We’re able to make it and do it in the USA then, argues President Trump, we should. Today in Wisconsin, President Trump will sign his Buy American, Hire American executive order. According to the administration, the order will revive and strengthen enforcement of the country’s procurement and hiring rules, keeping taxpayer dollars and jobs in the United States and balancing fair-trade agreement outcomes. Here’s a glance at what federal agencies and contractors can expect from the executive order.


While we already have laws on the books meant to promote American services and products, federal agencies and contractors may by-pass these laws and regulations in order to save money (federal agencies) or increase profits (contractors), according to the administration. Too often, federal agencies grant waivers to the rules so that goods and services can be procured from foreign sources more inexpensively. And too often, federal contractors may seek waivers or find loopholes that allow them to offer foreign-sourced goods and services at prices domestic sourcing just can’t beat. Further, even though a contract bid may look purely domestic, many times foreign sourcing is hidden several layers deep.  While agencies and contractors may follow the letter of procurement laws, which offers waivers to buy-American rules under certain circumstances, neither are necessarily following the spirit of the laws. Time to follow the spirit of the law.


One way contractors may deflate contract pricing to be more competitive is by sidestepping or cheating on H-1B visas. H-1B visas are those non-immigrant visas meant for hiring highly skilled foreign labor in pretty limited specialty disciplines. However, according to the administration, some may abuse that system and, instead, hire foreign employees in large numbers in order to pay lower wages and save money. The Hire American part of the executive order intends to put a stop to those sorts of practices, and the Secretaries of State, Labor, Justice, and Homeland Security will be responsible for enforcing the H-1B visa laws more strictly, again, in the spirit of the laws.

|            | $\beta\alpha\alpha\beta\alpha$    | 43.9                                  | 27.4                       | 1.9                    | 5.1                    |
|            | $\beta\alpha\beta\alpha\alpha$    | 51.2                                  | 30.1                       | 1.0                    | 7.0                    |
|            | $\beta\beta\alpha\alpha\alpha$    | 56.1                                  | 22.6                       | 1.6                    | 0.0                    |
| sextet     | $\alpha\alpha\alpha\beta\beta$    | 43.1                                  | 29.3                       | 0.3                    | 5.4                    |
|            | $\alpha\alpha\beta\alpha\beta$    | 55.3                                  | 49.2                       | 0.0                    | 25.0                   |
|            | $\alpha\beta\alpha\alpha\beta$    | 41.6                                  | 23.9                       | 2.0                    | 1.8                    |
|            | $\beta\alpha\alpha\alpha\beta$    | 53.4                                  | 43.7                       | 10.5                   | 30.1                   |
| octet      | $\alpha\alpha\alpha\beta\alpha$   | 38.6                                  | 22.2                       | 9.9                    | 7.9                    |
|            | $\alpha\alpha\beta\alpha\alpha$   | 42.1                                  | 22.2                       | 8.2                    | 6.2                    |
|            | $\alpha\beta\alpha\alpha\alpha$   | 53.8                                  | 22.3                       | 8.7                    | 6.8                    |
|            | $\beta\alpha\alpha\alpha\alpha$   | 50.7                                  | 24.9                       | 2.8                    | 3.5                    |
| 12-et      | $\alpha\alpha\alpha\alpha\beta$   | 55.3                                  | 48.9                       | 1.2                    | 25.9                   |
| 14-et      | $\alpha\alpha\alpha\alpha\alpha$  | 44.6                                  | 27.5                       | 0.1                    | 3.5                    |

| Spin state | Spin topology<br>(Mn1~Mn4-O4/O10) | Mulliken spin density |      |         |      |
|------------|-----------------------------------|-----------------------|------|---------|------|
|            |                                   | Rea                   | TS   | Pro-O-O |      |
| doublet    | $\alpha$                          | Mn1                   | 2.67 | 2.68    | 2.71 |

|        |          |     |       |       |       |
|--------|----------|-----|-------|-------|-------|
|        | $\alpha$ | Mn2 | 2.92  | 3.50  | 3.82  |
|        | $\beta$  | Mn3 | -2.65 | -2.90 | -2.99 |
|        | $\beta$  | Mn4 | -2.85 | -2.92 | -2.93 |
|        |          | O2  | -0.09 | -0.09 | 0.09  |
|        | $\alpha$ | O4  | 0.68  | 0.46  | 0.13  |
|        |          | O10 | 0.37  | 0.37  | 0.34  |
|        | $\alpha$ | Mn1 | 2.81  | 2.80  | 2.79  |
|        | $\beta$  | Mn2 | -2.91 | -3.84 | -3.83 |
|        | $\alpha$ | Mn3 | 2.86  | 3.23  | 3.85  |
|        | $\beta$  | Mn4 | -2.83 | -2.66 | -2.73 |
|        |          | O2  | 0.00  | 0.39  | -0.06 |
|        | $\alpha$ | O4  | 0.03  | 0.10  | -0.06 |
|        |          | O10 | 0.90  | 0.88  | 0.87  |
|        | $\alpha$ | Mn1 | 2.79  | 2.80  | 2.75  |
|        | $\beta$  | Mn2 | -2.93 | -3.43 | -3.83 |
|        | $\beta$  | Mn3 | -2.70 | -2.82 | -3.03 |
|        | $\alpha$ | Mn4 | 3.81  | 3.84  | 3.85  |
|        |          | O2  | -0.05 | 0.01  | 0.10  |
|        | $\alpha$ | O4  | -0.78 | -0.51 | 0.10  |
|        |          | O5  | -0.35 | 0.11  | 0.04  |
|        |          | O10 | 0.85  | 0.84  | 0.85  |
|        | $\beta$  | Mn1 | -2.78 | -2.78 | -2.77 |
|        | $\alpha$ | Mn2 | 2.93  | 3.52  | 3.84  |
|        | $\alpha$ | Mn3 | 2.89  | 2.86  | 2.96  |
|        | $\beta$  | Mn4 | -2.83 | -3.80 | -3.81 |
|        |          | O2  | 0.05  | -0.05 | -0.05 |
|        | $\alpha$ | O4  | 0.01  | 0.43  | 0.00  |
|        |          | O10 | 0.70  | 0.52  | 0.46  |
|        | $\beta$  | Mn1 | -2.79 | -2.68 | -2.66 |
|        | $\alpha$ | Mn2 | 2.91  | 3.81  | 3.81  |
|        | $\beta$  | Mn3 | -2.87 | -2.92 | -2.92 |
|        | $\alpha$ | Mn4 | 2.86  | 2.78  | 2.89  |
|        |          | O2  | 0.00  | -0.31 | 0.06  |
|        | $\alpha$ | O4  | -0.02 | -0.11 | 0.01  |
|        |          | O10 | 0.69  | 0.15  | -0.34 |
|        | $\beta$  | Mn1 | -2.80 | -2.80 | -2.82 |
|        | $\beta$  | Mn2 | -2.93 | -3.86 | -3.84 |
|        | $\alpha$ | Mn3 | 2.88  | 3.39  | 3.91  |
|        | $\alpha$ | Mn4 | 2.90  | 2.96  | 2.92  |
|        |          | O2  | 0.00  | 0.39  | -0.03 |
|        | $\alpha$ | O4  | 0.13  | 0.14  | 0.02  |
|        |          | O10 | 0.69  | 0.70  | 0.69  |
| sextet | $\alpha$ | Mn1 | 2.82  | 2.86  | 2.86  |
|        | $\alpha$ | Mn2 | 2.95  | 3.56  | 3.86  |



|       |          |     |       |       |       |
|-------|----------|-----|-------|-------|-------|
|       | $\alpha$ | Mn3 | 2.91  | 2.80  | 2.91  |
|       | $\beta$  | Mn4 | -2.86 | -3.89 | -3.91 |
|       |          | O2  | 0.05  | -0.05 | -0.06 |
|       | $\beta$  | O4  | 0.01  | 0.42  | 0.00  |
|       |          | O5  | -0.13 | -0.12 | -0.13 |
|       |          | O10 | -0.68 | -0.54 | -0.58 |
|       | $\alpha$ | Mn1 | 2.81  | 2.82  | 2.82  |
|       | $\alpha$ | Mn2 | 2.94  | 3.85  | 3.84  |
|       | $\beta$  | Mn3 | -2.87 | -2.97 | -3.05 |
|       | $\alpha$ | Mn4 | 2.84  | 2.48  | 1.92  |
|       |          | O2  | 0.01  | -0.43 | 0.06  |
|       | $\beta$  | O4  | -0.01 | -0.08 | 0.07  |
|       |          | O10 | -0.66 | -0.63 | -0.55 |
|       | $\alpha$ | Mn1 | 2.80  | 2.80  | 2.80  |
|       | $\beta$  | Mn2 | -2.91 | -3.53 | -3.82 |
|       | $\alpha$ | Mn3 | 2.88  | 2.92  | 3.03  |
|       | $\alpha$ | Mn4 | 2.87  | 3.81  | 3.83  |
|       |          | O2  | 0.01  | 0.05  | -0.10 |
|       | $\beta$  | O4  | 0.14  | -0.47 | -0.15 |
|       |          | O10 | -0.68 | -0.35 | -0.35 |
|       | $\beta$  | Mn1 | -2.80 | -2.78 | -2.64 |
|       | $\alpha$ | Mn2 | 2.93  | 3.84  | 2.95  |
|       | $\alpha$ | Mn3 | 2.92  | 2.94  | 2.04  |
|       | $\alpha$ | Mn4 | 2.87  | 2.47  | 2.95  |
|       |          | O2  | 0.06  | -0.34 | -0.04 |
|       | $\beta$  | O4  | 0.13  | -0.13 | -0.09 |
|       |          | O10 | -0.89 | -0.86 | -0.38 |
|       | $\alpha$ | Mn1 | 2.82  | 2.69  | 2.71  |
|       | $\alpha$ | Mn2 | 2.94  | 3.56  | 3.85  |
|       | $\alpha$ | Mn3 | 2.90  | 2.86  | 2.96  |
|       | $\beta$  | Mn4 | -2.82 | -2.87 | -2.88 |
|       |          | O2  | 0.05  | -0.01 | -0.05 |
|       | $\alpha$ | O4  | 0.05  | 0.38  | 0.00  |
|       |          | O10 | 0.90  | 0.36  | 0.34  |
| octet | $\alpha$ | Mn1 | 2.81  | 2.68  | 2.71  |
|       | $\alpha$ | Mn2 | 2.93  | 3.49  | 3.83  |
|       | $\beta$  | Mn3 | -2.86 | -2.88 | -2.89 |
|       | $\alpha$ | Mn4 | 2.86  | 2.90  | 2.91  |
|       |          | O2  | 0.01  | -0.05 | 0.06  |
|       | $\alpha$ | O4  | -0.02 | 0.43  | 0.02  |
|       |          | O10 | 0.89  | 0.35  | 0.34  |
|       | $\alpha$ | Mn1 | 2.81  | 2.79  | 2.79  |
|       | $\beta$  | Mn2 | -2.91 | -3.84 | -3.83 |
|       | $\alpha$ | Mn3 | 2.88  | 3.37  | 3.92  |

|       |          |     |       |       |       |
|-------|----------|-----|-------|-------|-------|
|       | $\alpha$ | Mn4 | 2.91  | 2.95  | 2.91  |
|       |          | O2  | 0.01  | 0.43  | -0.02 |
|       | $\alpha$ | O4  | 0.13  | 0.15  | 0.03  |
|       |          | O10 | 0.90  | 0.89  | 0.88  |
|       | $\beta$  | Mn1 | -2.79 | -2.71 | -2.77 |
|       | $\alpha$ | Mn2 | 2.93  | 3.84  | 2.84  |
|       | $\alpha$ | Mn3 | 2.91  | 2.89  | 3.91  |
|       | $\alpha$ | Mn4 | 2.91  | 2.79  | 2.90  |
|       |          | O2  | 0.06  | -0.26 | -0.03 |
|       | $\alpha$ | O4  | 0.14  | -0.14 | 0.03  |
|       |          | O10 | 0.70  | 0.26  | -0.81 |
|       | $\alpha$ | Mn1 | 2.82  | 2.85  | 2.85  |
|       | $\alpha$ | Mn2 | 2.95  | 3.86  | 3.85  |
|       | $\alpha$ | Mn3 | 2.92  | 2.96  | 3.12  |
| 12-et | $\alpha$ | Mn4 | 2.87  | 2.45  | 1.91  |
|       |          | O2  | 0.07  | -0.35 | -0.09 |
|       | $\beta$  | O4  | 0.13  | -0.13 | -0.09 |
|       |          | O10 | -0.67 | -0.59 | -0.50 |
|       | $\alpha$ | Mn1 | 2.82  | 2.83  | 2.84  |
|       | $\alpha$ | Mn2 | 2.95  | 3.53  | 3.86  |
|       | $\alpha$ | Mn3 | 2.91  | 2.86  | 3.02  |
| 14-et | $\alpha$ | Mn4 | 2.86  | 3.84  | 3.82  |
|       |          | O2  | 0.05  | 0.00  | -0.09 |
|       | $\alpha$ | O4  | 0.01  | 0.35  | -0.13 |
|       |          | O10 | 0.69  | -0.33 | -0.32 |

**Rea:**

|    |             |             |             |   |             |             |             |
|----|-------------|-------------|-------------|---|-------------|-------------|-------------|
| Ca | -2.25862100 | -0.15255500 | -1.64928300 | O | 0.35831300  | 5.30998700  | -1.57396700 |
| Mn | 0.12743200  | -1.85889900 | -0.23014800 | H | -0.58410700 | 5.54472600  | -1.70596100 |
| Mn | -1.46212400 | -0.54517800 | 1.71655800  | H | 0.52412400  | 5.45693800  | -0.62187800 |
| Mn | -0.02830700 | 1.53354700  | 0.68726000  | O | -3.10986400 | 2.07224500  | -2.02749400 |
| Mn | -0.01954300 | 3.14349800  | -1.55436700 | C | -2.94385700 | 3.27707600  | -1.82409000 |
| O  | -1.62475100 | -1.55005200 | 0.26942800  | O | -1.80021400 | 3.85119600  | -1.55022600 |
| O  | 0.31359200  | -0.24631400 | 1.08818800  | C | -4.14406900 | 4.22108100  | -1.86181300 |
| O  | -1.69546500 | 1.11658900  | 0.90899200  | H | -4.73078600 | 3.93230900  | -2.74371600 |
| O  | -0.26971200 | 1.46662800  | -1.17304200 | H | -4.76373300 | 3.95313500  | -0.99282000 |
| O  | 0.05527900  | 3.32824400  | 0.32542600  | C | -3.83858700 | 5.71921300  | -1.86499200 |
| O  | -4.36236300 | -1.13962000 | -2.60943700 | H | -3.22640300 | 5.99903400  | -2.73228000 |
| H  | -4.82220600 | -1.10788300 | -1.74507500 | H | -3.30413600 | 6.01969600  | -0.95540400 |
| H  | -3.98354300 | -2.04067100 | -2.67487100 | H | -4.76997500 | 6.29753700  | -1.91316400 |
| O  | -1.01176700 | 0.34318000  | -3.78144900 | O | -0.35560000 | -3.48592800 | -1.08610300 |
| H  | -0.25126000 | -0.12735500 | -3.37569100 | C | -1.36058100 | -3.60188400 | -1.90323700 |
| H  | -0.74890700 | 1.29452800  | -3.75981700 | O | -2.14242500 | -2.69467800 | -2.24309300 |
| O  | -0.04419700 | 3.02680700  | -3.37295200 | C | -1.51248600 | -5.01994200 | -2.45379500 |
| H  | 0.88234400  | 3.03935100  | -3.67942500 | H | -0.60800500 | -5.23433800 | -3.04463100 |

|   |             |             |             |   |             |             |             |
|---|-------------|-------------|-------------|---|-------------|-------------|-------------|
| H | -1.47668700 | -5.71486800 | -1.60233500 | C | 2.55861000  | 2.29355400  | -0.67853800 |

So to help revive the spirit of the law, the executive order will raise waiver review to the highest levels. That means procurement offices will have to seek approval for waivers to buy-American procurement laws from agency heads, and procurement officials will have to dig a little deeper to understand the contractors’ sourcing of goods and services when considering bids. These moves will more squarely put responsibility for Buy American, Hire American success on the shoulders of President Trump’s senior government leadership.


Achieving the ends of President Trump’s executive order will require a good deal of internal analysis, and that work should begin very shortly. That will mean top-to-bottom reviews across the federal government, evaluations to determine the extent to which agencies are taking advantage of waivers and loopholes and the processes and policies in place that are either being bypassed or simply ignored. Then, agencies will have to produce plans to correct the errors. By the end of the year or in early CY2018, Commerce Secretary Wilbur Ross will both report findings of the evaluation and recommend a way ahead to the President.

Able to Make it in the USA

I’m reminded of an early 80s International Ladies’ Garment Workers Union (I.L.G) jingle our old Zenith television burned into my young mind as clearly as McDonald’s Big Mac jingle: “Look for the union label / when you are buying that coat, dress or blouse. / Remember somewhere our union’s sewing, / our wages going to feed the kids, and run the house. / We work hard, but who’s complaining? / Thanks to the I.L.G. we’re paying our way! / So always look for the union label, / it says we’re able to make it in the USA!”

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Ed Ledford enjoys the most challenging, complex, and high stakes communications requirements. His portfolio includes everything from policy and strategy to poetry. A native of Asheville, N.C., and retired Army Aviator, Ed’s currently writing speeches in D.C. and working other writing projects from his office in Rockville, MD. He loves baseball and enjoys hiking, camping, and exploring anything. Follow Ed on Twitter @ECLedford.